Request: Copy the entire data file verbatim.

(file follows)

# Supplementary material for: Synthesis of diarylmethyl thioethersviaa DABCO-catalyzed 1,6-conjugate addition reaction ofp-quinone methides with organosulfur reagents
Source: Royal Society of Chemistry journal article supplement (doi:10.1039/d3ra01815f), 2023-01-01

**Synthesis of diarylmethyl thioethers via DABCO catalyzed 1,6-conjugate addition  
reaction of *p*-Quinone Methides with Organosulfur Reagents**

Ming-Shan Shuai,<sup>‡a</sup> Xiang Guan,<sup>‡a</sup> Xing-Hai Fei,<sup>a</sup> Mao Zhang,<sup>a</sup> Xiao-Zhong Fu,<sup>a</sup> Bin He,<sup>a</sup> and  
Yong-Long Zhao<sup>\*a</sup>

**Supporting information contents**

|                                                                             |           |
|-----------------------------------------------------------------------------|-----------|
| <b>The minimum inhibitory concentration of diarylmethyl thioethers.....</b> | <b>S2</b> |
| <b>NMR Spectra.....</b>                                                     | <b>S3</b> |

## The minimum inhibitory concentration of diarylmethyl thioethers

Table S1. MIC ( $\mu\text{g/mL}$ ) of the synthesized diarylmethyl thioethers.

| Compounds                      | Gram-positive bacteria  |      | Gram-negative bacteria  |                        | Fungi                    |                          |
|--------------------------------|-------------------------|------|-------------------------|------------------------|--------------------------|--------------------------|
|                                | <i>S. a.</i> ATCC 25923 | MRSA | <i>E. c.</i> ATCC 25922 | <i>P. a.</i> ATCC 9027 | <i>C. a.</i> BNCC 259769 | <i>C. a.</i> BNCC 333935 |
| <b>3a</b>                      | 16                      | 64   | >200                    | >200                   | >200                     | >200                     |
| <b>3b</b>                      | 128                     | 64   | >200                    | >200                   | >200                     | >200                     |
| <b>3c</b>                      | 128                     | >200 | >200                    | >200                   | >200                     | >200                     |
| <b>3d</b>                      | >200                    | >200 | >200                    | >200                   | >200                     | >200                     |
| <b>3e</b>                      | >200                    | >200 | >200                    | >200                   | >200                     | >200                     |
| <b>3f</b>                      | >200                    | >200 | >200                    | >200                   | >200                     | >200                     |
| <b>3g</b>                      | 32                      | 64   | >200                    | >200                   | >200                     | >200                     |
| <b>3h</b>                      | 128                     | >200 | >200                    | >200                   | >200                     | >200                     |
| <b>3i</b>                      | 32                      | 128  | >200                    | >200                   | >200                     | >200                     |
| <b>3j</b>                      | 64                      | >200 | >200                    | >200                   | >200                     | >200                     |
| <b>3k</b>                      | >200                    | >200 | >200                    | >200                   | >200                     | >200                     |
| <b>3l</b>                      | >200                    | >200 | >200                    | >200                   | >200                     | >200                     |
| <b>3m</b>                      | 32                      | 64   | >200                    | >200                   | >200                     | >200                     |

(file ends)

# Supplementary material for: Synthesis of diarylmethyl thioethersviaa DABCO-catalyzed 1,6-conjugate addition reaction ofp-quinone methides with organosulfur reagents
Source: Royal Society of Chemistry journal article supplement (doi:10.1039/d3ra01815f), 2023-01-01

**Synthesis of diarylmethyl thioethers via DABCO catalyzed 1,6-conjugate addition  
reaction of *p*-Quinone Methides with Organosulfur Reagents**

Ming-Shan Shuai,<sup>‡a</sup> Xiang Guan,<sup>‡a</sup> Xing-Hai Fei,<sup>a</sup> Mao Zhang,<sup>a</sup> Xiao-Zhong Fu,<sup>a</sup> Bin He,<sup>a</sup> and  
Yong-Long Zhao<sup>\*a</sup>

**Supporting information contents**

|                                                                             |           |
|-----------------------------------------------------------------------------|-----------|
| <b>The minimum inhibitory concentration of diarylmethyl thioethers.....</b> | <b>S2</b> |
| <b>NMR Spectra.....</b>                                                     | <b>S3</b> |

## The minimum inhibitory concentration of diarylmethyl thioethers

Table S1. MIC ( $\mu\text{g/mL}$ ) of the synthesized diarylmethyl thioethers.

| Compounds                      | Gram-positive bacteria  |      | Gram-negative bacteria  |                        | Fungi                    |                          |
|--------------------------------|-------------------------|------|-------------------------|------------------------|--------------------------|--------------------------|
|                                | <i>S. a.</i> ATCC 25923 | MRSA | <i>E. c.</i> ATCC 25922 | <i>P. a.</i> ATCC 9027 | <i>C. a.</i> BNCC 259769 | <i>C. a.</i> BNCC 333935 |
| <b>3a</b>                      | 16                      | 64   | >200                    | >200                   | >200                     | >200                     |
| <b>3b</b>                      | 128                     | 64   | >200                    | >200                   | >200                     | >200                     |
| <b>3c</b>                      | 128                     | >200 | >200                    | >200                   | >200                     | >200                     |
| <b>3d</b>                      | >200                    | >200 | >200                    | >200                   | >200                     | >200                     |
| <b>3e</b>                      | >200                    | >200 | >200                    | >200                   | >200                     | >200                     |
| <b>3f</b>                      | >200                    | >200 | >200                    | >200                   | >200                     | >200                     |
| <b>3g</b>                      | 32                      | 64   | >200                    | >200                   | >200                     | >200                     |
| <b>3h</b>                      | 128                     | >200 | >200                    | >200                   | >200                     | >200                     |
| <b>3i</b>                      | 32                      | 128  | >200                    | >200                   | >200                     | >200                     |
| <b>3j</b>                      | 64                      | >200 | >200                    | >200                   | >200                     | >200                     |
| <b>3k</b>                      | >200                    | >200 | >200                    | >200                   | >200                     | >200                     |
| <b>3l</b>                      | >200                    | >200 | >200                    | >200                   | >200                     | >200                     |
| <b>3m</b>                      | 32                      | 64   | >200                    | >200                   | >200                     | >200                     |